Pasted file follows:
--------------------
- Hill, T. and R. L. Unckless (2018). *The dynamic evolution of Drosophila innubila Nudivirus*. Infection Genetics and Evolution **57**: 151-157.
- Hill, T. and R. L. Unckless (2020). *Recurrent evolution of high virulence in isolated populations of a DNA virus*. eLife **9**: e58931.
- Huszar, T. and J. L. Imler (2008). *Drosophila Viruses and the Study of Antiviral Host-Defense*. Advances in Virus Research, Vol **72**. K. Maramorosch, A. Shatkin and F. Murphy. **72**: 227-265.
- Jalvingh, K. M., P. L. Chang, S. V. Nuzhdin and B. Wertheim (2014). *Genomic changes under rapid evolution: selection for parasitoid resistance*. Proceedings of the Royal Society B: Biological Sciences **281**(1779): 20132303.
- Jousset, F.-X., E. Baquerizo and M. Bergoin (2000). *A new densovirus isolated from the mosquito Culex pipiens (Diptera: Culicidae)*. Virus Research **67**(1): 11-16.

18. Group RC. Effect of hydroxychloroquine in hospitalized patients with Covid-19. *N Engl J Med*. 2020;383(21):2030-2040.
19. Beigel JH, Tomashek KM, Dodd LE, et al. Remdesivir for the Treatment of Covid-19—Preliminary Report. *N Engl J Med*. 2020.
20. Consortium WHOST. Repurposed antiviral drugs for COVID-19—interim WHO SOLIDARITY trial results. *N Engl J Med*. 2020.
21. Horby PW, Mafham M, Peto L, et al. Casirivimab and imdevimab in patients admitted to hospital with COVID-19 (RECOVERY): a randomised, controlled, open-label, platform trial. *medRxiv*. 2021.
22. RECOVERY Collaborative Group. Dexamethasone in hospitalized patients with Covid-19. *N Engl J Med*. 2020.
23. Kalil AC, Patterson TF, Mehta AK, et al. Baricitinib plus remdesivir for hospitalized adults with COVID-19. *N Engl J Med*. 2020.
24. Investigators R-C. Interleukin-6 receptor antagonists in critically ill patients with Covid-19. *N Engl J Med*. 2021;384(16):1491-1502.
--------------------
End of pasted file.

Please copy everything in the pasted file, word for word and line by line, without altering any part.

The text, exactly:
- Hill, T. and R. L. Unckless (2018). *The dynamic evolution of Drosophila innubila Nudivirus*. Infection Genetics and Evolution **57**: 151-157.
- Hill, T. and R. L. Unckless (2020). *Recurrent evolution of high virulence in isolated populations of a DNA virus*. eLife **9**: e58931.
- Huszar, T. and J. L. Imler (2008). *Drosophila Viruses and the Study of Antiviral Host-Defense*. Advances in Virus Research, Vol **72**. K. Maramorosch, A. Shatkin and F. Murphy. **72**: 227-265.
- Jalvingh, K. M., P. L. Chang, S. V. Nuzhdin and B. Wertheim (2014). *Genomic changes under rapid evolution: selection for parasitoid resistance*. Proceedings of the Royal Society B: Biological Sciences **281**(1779): 20132303.
- Jousset, F.-X., E. Baquerizo and M. Bergoin (2000). *A new densovirus isolated from the mosquito Culex pipiens (Diptera: Culicidae)*. Virus Research **67**(1): 11-16.

18. Group RC. Effect of hydroxychloroquine in hospitalized patients with Covid-19. *N Engl J Med*. 2020;383(21):2030-2040.
19. Beigel JH, Tomashek KM, Dodd LE, et al. Remdesivir for the Treatment of Covid-19—Preliminary Report. *N Engl J Med*. 2020.
20. Consortium WHOST. Repurposed antiviral drugs for COVID-19—interim WHO SOLIDARITY trial results. *N Engl J Med*. 2020.
21. Horby PW, Mafham M, Peto L, et al. Casirivimab and imdevimab in patients admitted to hospital with COVID-19 (RECOVERY): a randomised, controlled, open-label, platform trial. *medRxiv*. 2021.
22. RECOVERY Collaborative Group. Dexamethasone in hospitalized patients with Covid-19. *N Engl J Med*. 2020.
23. Kalil AC, Patterson TF, Mehta AK, et al. Baricitinib plus remdesivir for hospitalized adults with COVID-19. *N Engl J Med*. 2020.
24. Investigators R-C. Interleukin-6 receptor antagonists in critically ill patients with Covid-19. *N Engl J Med*. 2021;384(16):1491-1502.